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Global Integrity In Sport weekly media recap 7-13 April 2014

Interpol Blog Recap
Wednesday, 16 April 2014

Last week we were in West Africa where we hosted two INTERPOL-FIFA Regional Integrity Workshops in Senegal and Cote d’Ivoire for the member countries of the West African Football Union (WAFU), zones A and B. Our many thanks to our partners at WAFU A and B and all of the delegates for contributing to two successful events.

The completion of these workshops marks a significant milestone in the INTERPOL-FIFA initiative as we enter the next phase of our 10-year partnership. Our initiative began in May 2011 with the goal to educate and train key actors on how to recognize, resist and report attempts to corrupt or fix matches and we set out to do this on a global scale. To date, we have trained nearly 2000 participants from football, law enforcement, government, the gaming sector, and key stakeholders in the sporting community from 193 countries across 6 continents. While our workshops, conferences and training seminars have taken us all across the globe to raise awareness of the dangers of match-fixing, we recognize that our work is far from over.
The next phase of the INTERPOL-FIFA initiative will see the launch of several innovative resources, tools and services as part of a holistic strategy we have developed to enable stakeholders to actively prevent and respond to match fixing at the National, Regional and Global Level.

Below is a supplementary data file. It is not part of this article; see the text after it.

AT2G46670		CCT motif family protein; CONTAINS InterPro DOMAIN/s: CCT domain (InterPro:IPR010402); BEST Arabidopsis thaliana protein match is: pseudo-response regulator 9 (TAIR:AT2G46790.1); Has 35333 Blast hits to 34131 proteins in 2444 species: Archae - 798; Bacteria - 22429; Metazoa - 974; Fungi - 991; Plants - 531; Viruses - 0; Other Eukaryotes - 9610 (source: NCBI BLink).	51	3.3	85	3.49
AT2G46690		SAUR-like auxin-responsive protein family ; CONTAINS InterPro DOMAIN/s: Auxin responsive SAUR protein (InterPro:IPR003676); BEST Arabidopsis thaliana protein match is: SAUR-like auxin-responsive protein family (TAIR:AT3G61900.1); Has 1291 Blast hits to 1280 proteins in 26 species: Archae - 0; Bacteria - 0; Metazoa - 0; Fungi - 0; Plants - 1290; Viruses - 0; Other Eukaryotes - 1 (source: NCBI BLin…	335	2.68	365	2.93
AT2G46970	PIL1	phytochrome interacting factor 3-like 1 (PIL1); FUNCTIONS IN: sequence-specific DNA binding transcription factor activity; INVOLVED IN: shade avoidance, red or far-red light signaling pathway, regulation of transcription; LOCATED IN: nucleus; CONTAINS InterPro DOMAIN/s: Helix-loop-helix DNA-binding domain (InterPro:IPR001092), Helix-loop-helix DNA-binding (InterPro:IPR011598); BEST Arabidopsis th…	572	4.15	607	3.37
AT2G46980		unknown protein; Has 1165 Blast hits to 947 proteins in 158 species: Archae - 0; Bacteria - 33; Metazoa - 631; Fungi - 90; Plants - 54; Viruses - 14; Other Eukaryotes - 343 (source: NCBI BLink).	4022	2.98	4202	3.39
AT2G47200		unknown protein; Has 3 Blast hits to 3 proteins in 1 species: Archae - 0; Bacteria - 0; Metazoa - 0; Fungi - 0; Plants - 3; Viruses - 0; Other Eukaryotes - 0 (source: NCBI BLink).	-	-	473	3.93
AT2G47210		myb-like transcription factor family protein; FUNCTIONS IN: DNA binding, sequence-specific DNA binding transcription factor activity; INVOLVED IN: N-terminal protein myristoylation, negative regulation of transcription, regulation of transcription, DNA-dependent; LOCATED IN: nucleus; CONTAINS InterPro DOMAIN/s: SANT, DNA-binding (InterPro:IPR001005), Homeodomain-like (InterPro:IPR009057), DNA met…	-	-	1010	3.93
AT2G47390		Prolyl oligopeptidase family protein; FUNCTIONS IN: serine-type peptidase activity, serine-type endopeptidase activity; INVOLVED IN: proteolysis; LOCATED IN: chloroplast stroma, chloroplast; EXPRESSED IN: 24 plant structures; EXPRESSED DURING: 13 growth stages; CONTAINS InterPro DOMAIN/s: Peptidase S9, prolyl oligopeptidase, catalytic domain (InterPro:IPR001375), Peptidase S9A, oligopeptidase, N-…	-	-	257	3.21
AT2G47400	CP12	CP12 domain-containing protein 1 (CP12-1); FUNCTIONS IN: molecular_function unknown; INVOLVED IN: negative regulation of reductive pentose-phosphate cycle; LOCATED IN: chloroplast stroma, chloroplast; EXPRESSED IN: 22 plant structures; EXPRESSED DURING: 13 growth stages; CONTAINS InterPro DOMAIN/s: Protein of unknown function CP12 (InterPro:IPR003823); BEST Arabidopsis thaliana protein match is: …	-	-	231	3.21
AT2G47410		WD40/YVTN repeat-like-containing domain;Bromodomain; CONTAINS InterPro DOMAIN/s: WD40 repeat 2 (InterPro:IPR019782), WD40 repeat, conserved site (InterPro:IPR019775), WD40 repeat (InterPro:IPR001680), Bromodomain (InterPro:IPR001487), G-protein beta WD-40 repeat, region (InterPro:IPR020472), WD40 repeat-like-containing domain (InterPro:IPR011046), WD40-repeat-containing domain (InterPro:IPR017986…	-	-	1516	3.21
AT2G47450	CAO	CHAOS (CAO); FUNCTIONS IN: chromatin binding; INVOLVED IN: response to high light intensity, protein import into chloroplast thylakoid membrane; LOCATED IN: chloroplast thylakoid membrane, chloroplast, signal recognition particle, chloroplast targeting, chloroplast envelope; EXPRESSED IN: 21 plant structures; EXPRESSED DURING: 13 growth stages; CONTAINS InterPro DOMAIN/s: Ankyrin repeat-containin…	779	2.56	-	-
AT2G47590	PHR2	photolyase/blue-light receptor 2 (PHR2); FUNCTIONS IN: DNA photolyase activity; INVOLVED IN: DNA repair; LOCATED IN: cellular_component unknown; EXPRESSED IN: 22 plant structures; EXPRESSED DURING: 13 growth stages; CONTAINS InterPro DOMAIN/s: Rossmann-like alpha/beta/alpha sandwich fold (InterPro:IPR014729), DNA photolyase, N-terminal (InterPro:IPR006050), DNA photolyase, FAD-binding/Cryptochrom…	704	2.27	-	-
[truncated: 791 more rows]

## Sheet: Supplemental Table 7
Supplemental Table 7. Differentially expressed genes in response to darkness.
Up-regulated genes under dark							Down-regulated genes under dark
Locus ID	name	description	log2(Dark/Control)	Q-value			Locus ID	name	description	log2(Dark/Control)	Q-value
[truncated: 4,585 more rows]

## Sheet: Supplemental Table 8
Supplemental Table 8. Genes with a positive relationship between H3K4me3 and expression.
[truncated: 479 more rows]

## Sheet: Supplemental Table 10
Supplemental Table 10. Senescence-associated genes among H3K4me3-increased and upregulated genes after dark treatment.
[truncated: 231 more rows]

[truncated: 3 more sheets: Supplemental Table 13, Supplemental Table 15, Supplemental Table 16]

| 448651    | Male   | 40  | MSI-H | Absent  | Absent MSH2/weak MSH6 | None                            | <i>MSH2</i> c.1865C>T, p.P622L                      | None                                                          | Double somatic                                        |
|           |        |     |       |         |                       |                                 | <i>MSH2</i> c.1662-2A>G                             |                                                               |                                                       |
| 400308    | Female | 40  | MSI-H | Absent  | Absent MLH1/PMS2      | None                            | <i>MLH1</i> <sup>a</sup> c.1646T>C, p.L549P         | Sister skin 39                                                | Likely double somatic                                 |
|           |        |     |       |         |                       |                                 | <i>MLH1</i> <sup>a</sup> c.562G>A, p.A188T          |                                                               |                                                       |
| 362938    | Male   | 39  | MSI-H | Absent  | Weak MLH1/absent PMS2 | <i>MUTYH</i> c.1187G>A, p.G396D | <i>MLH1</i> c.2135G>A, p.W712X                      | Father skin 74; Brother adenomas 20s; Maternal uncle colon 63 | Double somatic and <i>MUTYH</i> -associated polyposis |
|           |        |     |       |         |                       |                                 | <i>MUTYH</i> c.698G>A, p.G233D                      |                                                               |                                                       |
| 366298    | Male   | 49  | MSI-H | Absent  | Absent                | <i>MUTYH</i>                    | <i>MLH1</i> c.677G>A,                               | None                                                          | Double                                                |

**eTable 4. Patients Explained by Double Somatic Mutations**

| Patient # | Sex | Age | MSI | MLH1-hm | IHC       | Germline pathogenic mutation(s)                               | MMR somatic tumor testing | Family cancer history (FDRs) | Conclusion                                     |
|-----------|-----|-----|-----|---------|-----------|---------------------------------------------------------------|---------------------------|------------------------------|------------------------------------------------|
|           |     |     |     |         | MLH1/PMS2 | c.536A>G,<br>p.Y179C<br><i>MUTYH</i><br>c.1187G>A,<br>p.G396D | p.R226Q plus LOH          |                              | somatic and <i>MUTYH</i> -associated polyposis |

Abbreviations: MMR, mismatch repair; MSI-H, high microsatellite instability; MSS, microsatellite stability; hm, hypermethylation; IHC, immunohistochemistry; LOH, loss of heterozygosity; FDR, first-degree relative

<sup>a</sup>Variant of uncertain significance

We want to empower representatives of the football community to deliver training to ALL of their members to Recognize, Resist and Report match-fixing.
We want to enhance the unique investigative skills necessary for law enforcement investigators and fact finders from sports organizations to disrupt and investigate match-fixing operations.
We want to provide countries with a platform to develop multi-stakeholder prevention initiatives that work through partnerships and cooperation.
And we want to do much, much more.
In addition to the recap, please find attached a brochure outlining our strategy and the tools and services we can offer you. This information can also be found (in all INTERPOL and FIFA languages) on our website:
As part of our mandate to raise awareness of contemporary issues related to match-fixing in football, the INTERPOL Integrity in Sport unit compiles an overview of the main stories in the media related to current investigations, sanctions and sentences, illegal betting and best practice.
Below is our recap for the week. We look forward to providing you with these reports on a weekly basis and please feel free to share this information with members of your organization.
If you have any questions, comments or no longer wish to receive these recaps, please do not hesitate to contact us.
All the best,

Ellen White


{sliders Current investigations}